Drones flying over farmlands, the sound of artillery explosions and hidden landmines did not stop farmers in Idlib, in northwest Syria, from harvesting their fig trees this season.
Owners of agricultural lands near the demarcation lines with the Syrian government forces in Jabal al-Zawiya are putting themselves in danger when harvesting their crops every season.
In late July, farmers began picking figs, which are an important source of income in the Jabal al-Zawiya area, in the south of Idlib, where the government and Russia have stepped up their shelling in the past two months.
Abdallah al-Aaraj, a farmer who is originally from Jabal al-Zawiya, was recently displaced to one of Idlib’s camps in the wake of the escalation. He says fig crops need great care, which has become impossible to provide under daily bombardment.
The Syrian government’s military posts, where snipers are stationed, are only three kilometers away from Jabal al-Zawiya, and reconnaissance drones are a constant menace, he adds.
Two weeks ago, he and his sons climbed a ladder to pick figs from the trees when "the bullets started falling over our heads like rain, which forced us to go down and leave. A few minutes later, mortar shells hit the place where we were, just minutes before,” Aaraj told Al-Monitor.
He added that fig fruits do not all ripen at the same time, which makes them even more difficult to harvest. He said that a large part of his crop fell on the ground and was spoiled. “I had to risk my life and the lives of my children among the mines and under the shelling [to harvest our crops] because we rely on figs to secure our livelihood.”
The fig harvest season is an opportunity for the people in the opposition-held areas in northwestern Syria to earn money, in light of the worsening living conditions, limited job opportunities and low wages, as well as the displacement of more than 1 million people.
The Syrian Civil Defense, known as the White Helmets, reported in a Facebook post on Aug. 16 that two civilians were killed and another wounded as they were picking figs in the fields in the village of Kansafra, in the south of Idlib. Unexploded ordnances, including landmines and explosive devices, pose a real threat to civilians in northwestern Syria, and prevent farmers from harvesting their crops, the agency said.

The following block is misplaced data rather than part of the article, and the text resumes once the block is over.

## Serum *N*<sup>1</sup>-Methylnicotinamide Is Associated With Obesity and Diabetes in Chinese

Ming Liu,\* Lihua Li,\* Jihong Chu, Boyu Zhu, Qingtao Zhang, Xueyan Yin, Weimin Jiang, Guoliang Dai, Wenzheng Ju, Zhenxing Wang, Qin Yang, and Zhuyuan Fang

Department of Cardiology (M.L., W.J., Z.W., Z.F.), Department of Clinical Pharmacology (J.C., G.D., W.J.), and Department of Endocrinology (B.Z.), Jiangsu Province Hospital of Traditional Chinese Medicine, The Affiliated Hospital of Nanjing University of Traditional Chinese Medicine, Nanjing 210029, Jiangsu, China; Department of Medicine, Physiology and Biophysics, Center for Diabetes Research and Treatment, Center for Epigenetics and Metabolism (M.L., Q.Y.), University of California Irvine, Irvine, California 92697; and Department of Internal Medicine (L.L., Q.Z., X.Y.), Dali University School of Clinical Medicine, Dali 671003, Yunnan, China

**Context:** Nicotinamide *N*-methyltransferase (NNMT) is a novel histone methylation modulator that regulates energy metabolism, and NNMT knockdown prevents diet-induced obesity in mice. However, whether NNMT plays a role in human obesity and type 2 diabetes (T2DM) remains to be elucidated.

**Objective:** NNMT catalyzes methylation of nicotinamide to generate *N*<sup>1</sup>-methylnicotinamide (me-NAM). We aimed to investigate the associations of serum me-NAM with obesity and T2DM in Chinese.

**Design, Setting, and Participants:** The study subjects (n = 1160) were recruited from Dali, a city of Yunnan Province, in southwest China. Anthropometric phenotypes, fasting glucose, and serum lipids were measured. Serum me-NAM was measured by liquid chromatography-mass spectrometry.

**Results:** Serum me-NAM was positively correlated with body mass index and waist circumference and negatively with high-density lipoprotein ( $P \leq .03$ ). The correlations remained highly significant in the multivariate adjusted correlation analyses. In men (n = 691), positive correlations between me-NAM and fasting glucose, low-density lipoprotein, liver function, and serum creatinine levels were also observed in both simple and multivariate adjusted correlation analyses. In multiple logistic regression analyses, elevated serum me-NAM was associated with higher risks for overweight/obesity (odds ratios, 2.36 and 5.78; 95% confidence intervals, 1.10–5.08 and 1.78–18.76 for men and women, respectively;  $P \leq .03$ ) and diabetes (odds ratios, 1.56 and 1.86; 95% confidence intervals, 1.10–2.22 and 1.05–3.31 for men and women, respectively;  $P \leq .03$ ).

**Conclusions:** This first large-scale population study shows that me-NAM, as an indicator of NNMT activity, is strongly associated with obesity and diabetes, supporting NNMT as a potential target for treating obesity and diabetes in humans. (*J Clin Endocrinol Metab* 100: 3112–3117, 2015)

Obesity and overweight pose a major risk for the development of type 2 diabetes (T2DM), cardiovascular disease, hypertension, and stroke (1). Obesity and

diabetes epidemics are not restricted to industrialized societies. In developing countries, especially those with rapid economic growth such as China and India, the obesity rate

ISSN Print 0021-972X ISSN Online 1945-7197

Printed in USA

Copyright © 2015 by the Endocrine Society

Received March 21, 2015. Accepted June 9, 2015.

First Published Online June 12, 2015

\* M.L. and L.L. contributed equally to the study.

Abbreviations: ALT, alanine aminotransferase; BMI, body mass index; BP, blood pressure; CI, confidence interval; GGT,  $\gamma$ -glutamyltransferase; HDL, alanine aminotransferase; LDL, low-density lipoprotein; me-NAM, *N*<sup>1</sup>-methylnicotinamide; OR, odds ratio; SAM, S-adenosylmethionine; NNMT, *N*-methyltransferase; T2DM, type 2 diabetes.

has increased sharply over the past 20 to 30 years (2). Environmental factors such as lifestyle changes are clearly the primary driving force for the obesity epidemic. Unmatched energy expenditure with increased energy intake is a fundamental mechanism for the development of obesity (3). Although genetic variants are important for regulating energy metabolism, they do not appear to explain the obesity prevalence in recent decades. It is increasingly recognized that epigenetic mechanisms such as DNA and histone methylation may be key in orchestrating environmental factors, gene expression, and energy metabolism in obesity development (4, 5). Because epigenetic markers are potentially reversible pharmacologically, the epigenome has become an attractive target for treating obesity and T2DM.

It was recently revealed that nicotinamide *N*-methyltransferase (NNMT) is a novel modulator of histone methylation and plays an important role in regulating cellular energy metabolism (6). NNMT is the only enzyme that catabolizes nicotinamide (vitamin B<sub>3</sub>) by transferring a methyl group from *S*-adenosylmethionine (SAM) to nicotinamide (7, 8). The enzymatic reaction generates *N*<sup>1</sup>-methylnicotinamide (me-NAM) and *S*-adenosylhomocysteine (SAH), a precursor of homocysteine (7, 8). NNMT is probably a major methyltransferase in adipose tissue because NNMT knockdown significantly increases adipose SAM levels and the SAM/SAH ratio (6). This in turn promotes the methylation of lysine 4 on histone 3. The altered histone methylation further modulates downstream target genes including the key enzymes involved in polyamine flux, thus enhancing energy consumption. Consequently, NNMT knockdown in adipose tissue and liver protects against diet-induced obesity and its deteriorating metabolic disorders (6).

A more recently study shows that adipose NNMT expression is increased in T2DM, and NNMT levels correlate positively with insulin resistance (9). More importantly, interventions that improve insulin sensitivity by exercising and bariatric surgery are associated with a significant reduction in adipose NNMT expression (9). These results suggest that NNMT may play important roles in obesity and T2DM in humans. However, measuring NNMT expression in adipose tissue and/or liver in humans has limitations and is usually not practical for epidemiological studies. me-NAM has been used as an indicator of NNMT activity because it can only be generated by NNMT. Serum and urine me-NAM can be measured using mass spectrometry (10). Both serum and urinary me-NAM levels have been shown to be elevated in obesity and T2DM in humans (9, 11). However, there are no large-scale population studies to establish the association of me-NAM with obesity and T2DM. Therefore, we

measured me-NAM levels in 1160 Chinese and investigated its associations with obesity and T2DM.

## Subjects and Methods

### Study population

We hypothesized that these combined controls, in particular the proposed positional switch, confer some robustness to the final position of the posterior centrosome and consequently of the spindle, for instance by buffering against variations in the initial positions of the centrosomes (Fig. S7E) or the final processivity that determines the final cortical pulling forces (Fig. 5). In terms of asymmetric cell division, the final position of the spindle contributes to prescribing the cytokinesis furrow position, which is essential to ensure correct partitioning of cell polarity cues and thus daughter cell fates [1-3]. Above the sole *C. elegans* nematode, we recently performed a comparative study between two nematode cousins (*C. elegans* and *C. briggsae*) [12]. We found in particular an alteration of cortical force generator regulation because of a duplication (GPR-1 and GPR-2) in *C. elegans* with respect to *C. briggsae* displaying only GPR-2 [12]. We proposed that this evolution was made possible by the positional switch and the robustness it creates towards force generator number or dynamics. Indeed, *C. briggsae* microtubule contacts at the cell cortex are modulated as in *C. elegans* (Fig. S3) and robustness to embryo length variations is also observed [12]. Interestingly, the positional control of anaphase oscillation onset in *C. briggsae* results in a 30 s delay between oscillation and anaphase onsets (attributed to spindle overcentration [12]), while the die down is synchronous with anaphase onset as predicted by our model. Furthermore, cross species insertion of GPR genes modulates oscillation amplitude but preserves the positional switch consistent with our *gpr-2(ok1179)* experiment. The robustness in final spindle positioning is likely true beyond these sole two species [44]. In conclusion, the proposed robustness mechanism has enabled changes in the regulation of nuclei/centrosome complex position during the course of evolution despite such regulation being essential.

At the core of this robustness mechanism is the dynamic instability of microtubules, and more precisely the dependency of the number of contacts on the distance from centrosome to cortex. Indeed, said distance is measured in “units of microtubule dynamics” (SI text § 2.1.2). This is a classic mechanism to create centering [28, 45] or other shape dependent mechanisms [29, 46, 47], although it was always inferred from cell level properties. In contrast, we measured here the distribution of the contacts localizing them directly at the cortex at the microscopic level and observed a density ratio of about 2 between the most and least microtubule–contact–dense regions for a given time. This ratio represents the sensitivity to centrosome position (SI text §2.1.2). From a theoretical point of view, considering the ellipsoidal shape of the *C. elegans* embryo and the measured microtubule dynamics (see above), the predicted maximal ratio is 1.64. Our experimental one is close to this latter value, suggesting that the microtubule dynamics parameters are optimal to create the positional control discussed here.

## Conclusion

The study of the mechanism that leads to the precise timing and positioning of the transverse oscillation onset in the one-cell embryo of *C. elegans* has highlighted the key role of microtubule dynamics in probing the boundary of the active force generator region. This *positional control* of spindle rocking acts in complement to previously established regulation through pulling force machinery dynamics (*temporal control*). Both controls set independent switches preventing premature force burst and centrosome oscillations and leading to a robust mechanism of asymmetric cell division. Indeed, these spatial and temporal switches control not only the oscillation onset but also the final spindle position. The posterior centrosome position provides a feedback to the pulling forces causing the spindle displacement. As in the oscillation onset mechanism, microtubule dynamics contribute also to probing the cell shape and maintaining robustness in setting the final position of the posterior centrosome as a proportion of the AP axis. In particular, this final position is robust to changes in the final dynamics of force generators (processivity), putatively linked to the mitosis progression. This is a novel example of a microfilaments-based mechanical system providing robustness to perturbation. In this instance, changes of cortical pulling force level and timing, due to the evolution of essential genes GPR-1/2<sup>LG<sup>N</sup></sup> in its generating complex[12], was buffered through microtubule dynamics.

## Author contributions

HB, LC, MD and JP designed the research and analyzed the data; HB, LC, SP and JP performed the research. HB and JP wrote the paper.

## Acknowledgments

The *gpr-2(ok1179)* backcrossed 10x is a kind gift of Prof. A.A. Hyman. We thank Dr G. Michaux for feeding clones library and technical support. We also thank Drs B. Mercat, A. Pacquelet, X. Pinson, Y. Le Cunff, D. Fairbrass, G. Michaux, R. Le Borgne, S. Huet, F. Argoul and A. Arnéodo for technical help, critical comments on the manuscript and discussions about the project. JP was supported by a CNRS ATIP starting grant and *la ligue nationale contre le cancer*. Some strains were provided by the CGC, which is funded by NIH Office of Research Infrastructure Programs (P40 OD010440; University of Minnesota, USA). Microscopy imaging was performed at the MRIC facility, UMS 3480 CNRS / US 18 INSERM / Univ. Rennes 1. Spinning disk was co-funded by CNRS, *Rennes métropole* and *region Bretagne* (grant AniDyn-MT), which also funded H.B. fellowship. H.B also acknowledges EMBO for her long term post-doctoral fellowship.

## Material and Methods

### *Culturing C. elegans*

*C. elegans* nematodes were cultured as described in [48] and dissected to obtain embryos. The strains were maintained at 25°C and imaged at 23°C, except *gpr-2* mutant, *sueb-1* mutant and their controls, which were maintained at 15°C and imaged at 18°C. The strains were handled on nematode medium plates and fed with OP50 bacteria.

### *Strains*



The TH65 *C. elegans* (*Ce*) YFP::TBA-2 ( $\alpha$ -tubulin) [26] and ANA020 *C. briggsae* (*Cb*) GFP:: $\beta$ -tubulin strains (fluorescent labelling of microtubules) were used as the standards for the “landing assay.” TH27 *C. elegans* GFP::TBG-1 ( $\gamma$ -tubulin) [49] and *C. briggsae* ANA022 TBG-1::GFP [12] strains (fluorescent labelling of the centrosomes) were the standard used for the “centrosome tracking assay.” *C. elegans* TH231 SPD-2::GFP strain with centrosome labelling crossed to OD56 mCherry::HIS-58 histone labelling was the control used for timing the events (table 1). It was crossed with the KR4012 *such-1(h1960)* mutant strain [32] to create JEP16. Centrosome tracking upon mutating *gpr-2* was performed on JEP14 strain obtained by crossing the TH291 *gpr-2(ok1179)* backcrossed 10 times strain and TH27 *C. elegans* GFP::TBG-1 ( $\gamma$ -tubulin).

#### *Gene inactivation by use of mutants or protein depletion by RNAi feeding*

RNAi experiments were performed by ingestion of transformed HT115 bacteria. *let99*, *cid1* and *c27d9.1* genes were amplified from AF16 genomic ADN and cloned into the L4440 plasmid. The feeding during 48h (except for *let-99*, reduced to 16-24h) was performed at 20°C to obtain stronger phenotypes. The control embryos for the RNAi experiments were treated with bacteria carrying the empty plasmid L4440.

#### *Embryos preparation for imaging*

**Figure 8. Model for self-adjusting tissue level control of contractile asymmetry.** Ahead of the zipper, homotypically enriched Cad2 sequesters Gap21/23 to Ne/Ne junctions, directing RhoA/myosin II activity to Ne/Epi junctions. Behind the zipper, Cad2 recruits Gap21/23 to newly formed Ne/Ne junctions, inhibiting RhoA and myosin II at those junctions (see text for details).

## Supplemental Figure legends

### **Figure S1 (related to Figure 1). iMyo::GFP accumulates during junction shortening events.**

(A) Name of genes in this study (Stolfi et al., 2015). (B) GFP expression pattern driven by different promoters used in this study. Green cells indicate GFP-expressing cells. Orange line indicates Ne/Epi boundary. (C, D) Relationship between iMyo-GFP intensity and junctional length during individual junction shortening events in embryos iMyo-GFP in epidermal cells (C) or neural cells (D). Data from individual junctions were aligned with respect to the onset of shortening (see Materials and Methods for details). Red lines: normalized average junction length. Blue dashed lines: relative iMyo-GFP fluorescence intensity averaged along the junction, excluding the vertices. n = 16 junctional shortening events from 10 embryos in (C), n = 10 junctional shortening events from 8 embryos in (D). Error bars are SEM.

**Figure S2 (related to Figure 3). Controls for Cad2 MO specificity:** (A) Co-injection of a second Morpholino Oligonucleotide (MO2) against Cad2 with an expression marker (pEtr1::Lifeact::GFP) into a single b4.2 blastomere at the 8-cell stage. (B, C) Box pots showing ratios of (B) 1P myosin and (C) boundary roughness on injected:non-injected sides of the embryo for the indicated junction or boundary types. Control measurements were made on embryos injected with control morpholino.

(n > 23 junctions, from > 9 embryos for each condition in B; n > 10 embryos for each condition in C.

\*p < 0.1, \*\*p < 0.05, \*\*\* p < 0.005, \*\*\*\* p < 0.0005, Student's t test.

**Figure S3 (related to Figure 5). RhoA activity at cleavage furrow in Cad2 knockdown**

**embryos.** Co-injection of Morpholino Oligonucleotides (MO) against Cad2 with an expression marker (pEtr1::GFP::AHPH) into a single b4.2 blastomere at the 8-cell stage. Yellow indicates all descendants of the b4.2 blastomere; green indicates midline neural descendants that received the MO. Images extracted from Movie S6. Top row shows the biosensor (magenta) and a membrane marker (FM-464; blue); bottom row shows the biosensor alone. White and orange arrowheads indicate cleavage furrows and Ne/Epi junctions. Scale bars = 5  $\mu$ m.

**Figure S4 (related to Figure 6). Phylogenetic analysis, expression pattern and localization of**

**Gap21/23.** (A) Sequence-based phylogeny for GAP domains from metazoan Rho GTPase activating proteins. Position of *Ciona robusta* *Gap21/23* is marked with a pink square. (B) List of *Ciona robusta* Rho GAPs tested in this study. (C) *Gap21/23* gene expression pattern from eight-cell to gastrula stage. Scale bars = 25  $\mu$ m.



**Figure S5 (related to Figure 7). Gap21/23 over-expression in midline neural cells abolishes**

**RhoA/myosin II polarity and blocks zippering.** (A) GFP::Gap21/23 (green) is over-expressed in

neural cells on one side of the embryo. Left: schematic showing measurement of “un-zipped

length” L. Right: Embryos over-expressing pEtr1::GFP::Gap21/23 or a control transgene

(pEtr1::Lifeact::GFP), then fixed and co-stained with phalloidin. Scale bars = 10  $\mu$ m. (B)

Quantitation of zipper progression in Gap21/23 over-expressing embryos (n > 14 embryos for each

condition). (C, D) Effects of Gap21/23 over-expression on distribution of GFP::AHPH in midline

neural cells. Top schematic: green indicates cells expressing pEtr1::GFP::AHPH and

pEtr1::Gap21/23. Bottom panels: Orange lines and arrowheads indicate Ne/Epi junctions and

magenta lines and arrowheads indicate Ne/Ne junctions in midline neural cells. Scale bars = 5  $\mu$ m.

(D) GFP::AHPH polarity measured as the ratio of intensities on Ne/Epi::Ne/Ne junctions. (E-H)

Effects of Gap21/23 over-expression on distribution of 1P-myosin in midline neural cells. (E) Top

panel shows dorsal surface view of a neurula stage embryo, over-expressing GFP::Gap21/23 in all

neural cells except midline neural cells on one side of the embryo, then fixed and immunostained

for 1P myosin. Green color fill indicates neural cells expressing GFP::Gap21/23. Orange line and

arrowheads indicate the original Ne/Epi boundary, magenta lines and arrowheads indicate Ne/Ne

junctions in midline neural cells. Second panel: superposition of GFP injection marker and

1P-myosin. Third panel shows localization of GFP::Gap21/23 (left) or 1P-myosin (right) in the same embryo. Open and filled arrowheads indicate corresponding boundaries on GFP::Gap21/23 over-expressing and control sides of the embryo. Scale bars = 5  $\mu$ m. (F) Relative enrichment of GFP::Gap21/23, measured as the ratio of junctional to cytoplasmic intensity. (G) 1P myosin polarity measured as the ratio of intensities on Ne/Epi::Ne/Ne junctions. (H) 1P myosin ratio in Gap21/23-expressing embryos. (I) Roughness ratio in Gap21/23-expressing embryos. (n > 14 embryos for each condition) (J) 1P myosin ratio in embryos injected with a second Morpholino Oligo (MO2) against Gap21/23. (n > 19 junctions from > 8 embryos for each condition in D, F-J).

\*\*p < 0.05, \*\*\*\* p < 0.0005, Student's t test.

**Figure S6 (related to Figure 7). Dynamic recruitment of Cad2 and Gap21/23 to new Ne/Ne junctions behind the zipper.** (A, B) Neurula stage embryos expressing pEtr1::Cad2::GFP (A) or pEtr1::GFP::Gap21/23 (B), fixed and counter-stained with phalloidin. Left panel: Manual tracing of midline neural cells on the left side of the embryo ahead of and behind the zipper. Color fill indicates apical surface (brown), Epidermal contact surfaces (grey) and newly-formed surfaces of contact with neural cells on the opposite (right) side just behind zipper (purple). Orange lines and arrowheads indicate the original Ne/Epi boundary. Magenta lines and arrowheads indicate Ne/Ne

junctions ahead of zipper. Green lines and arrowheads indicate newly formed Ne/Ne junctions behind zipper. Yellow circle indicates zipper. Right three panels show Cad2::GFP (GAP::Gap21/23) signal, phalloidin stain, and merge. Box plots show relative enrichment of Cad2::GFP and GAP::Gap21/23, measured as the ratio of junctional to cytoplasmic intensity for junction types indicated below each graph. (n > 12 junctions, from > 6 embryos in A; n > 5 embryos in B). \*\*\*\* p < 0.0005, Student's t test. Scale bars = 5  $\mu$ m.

On Aug. 13, another civilian was killed in a landmine explosion while picking figs near the village of Neirab, in the east of Idlib.
Ahmad al-Hallaq, a farmer from the village of Bara in Jabal al-Zawiya, was unable to harvest the majority of his crop this season. He only managed to pick 20% of the figs after coordinating with Hayat Tahrir al-Sham’s (HTS) fighters in the area, who allowed him to enter his farmland without crossing into an area where he could be targeted by government snipers.
The risk of snipers was only one reason for the losses Ahmad incurred for the second year in a row. He told Al-Monitor that fig crops are the only source of income for his family and children, as well as the children of his brother, who was killed in government bombardment in Bara two years ago.
Ahmad said that this year’s yields declined because farmers could not provide the needed care for farmlands, such as plowing the land, spraying insecticides, and pruning and watering.
According to Ahmad, the villages and towns of Kafar Aweed, Kansafra, Fatira and Bara are the most dangerous places for civilians, because they are located on the demarcation lines. He added that his agricultural land is located in the most dangerous part of Bara, in Idlib countryside.
The United Nations Office for the Coordination of Humanitarian Affairs (OCHA) said in a May report that half of the Syrian population is at risk of explosive hazards.
Every night at midnight, Riad Hallaq and his cousins walk to the village of Bara to pick figs from their orchards and those owned by other people in their village. They get paid only 15 Turkish liras (83 cents) per hour and work until before sunrise to avoid being targeted by government forces.
Riad says he is lucky because the wage is more than some other workers get in northwestern Syria. But, he told Al-Monitor, “We may escape the shelling and snipers’ fire [at night], but we may not survive the landmines.”
Since the beginning of 2019, the government forces and Russia have seized 60% of lands from the opposition factions, which consequently lost 2,300 square kilometers of agricultural land, while only 1,500 square kilometers remain under their control, including Jabal al-Zawiya.
The Syrian Civil Defense documented 16 remnants of war explosions in northwestern Syria so far this year, killing 11 people, including five children, and wounding 18 others, including 14 children and a woman.
In a post published on Facebook on Aug. 17, the group added that its unexploded ordnance teams conducted more than 780 non-technical surveys and removed 524 arms ammunitions in 449 clearance operations during the same period. The teams provided 1,080 awareness sessions on the dangers of landmines and unexploded ordnances to 20,000 civilians, including children and farmers.